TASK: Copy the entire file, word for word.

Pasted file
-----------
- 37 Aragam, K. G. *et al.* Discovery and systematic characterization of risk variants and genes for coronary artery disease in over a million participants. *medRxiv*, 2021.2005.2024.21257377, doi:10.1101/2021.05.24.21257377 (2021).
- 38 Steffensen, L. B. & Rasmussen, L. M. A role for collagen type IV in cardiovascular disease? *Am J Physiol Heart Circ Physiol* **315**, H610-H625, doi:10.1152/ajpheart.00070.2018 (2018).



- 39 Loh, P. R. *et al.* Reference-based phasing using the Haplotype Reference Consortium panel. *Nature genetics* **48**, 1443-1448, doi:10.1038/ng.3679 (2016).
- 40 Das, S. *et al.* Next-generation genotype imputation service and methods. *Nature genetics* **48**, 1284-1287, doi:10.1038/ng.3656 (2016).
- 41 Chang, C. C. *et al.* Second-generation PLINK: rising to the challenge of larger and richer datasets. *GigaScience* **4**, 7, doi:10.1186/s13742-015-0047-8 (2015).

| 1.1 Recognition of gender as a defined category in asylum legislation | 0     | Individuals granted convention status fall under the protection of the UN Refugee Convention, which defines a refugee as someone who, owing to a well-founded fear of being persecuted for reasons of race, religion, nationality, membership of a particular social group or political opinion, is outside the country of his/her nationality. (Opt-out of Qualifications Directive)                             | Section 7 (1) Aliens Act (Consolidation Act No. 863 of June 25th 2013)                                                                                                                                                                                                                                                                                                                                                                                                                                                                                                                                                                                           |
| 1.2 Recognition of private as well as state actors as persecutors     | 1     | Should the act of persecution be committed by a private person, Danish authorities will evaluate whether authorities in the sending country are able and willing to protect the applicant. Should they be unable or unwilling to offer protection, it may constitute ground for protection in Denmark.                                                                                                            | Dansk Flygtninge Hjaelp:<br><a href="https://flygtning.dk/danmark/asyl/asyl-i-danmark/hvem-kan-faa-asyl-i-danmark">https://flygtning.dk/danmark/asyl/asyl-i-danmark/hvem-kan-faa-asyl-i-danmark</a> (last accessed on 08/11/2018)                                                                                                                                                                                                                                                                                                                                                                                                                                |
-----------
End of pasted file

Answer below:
- 37 Aragam, K. G. *et al.* Discovery and systematic characterization of risk variants and genes for coronary artery disease in over a million participants. *medRxiv*, 2021.2005.2024.21257377, doi:10.1101/2021.05.24.21257377 (2021).
- 38 Steffensen, L. B. & Rasmussen, L. M. A role for collagen type IV in cardiovascular disease? *Am J Physiol Heart Circ Physiol* **315**, H610-H625, doi:10.1152/ajpheart.00070.2018 (2018).



- 39 Loh, P. R. *et al.* Reference-based phasing using the Haplotype Reference Consortium panel. *Nature genetics* **48**, 1443-1448, doi:10.1038/ng.3679 (2016).
- 40 Das, S. *et al.* Next-generation genotype imputation service and methods. *Nature genetics* **48**, 1284-1287, doi:10.1038/ng.3656 (2016).
- 41 Chang, C. C. *et al.* Second-generation PLINK: rising to the challenge of larger and richer datasets. *GigaScience* **4**, 7, doi:10.1186/s13742-015-0047-8 (2015).

| 1.1 Recognition of gender as a defined category in asylum legislation | 0     | Individuals granted convention status fall under the protection of the UN Refugee Convention, which defines a refugee as someone who, owing to a well-founded fear of being persecuted for reasons of race, religion, nationality, membership of a particular social group or political opinion, is outside the country of his/her nationality. (Opt-out of Qualifications Directive)                             | Section 7 (1) Aliens Act (Consolidation Act No. 863 of June 25th 2013)                                                                                                                                                                                                                                                                                                                                                                                                                                                                                                                                                                                           |
| 1.2 Recognition of private as well as state actors as persecutors     | 1     | Should the act of persecution be committed by a private person, Danish authorities will evaluate whether authorities in the sending country are able and willing to protect the applicant. Should they be unable or unwilling to offer protection, it may constitute ground for protection in Denmark.                                                                                                            | Dansk Flygtninge Hjaelp:<br><a href="https://flygtning.dk/danmark/asyl/asyl-i-danmark/hvem-kan-faa-asyl-i-danmark">https://flygtning.dk/danmark/asyl/asyl-i-danmark/hvem-kan-faa-asyl-i-danmark</a> (last accessed on 08/11/2018)                                                                                                                                                                                                                                                                                                                                                                                                                                |